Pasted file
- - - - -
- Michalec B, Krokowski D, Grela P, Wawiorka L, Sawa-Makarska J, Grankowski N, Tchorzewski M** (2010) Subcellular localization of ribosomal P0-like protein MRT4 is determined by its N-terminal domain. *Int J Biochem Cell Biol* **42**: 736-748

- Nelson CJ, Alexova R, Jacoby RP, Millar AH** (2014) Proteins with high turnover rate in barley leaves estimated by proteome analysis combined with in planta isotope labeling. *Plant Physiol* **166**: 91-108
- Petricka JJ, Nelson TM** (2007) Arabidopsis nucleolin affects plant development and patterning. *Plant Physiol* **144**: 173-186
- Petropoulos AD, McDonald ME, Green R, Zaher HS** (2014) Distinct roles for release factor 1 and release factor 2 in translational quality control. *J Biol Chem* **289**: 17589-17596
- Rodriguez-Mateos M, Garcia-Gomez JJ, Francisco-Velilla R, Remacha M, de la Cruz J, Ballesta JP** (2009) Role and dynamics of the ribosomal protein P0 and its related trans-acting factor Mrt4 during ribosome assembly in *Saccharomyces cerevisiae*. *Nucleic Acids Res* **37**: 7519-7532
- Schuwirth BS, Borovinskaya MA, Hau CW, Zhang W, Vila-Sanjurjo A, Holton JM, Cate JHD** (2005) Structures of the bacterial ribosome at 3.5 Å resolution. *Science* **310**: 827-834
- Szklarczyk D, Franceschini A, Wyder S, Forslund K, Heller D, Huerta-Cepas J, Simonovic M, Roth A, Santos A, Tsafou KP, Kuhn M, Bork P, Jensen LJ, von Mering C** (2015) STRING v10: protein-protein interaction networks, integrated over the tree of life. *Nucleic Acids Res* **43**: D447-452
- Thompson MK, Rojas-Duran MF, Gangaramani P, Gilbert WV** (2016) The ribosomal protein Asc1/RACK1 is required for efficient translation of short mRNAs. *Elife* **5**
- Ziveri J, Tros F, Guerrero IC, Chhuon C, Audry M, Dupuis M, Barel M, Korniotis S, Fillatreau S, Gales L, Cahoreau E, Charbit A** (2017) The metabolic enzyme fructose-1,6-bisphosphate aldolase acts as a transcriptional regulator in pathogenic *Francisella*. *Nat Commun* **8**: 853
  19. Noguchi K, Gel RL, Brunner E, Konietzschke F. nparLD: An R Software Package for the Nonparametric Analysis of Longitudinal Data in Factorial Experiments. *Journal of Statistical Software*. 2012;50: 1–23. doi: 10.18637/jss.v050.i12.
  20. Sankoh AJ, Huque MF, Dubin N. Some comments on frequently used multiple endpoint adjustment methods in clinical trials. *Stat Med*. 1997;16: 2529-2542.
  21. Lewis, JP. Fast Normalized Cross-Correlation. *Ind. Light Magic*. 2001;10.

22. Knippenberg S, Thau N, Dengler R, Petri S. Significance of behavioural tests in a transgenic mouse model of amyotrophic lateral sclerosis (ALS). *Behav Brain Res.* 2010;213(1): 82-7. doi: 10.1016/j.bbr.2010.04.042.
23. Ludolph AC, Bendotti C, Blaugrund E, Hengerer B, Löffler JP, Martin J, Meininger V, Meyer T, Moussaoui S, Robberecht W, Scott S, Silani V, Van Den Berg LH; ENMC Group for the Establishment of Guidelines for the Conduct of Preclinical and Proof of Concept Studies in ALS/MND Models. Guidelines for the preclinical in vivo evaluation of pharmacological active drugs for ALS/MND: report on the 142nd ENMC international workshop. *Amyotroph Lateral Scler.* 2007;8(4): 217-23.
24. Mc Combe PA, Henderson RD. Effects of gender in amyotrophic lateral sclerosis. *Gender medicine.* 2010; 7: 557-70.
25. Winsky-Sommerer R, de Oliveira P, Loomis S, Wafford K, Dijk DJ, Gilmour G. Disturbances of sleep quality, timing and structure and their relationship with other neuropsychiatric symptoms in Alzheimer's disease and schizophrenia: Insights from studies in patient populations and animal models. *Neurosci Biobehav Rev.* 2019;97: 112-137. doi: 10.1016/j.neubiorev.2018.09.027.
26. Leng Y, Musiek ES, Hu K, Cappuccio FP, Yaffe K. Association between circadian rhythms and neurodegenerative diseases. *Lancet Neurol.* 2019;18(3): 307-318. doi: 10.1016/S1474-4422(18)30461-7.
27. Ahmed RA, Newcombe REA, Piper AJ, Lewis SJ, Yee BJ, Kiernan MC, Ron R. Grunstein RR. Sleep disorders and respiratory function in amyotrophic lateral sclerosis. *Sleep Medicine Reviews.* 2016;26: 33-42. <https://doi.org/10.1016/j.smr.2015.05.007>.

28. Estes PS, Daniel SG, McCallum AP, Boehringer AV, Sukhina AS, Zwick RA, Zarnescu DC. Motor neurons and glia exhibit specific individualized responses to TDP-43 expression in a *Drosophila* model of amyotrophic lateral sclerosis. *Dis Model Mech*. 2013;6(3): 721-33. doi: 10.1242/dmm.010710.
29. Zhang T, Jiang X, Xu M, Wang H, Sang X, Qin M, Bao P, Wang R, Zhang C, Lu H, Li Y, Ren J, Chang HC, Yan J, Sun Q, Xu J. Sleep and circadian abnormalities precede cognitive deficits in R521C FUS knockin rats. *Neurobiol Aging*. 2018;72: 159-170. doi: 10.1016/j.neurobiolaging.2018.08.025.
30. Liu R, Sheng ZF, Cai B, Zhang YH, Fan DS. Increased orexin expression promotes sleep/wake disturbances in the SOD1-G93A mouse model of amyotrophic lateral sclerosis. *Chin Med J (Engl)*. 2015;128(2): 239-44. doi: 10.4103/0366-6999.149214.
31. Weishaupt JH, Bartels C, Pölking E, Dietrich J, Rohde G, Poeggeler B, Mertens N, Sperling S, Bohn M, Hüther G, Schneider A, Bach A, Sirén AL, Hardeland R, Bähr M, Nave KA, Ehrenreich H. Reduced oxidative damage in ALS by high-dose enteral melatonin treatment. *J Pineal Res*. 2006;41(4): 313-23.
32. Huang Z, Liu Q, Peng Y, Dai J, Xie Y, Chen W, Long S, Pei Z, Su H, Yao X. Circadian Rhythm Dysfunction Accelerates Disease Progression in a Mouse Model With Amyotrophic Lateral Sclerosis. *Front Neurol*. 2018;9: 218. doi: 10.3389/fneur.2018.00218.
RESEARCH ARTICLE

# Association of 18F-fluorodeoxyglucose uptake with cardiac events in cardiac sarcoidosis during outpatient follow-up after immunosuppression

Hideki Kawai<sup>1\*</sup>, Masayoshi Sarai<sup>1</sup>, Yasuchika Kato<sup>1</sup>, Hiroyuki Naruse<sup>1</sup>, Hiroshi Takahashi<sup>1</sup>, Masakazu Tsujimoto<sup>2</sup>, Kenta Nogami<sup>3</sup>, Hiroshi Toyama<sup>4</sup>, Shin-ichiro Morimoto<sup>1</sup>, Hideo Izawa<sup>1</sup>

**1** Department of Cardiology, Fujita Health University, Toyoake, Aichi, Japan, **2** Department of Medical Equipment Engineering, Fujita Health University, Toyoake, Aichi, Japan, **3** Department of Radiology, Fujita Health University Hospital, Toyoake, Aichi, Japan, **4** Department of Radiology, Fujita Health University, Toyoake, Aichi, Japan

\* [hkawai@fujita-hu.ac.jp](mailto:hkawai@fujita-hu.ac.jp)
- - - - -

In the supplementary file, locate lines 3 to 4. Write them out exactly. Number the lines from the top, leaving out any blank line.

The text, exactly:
- Petricka JJ, Nelson TM** (2007) Arabidopsis nucleolin affects plant development and patterning. *Plant Physiol* **144**: 173-186
- Petropoulos AD, McDonald ME, Green R, Zaher HS** (2014) Distinct roles for release factor 1 and release factor 2 in translational quality control. *J Biol Chem* **289**: 17589-17596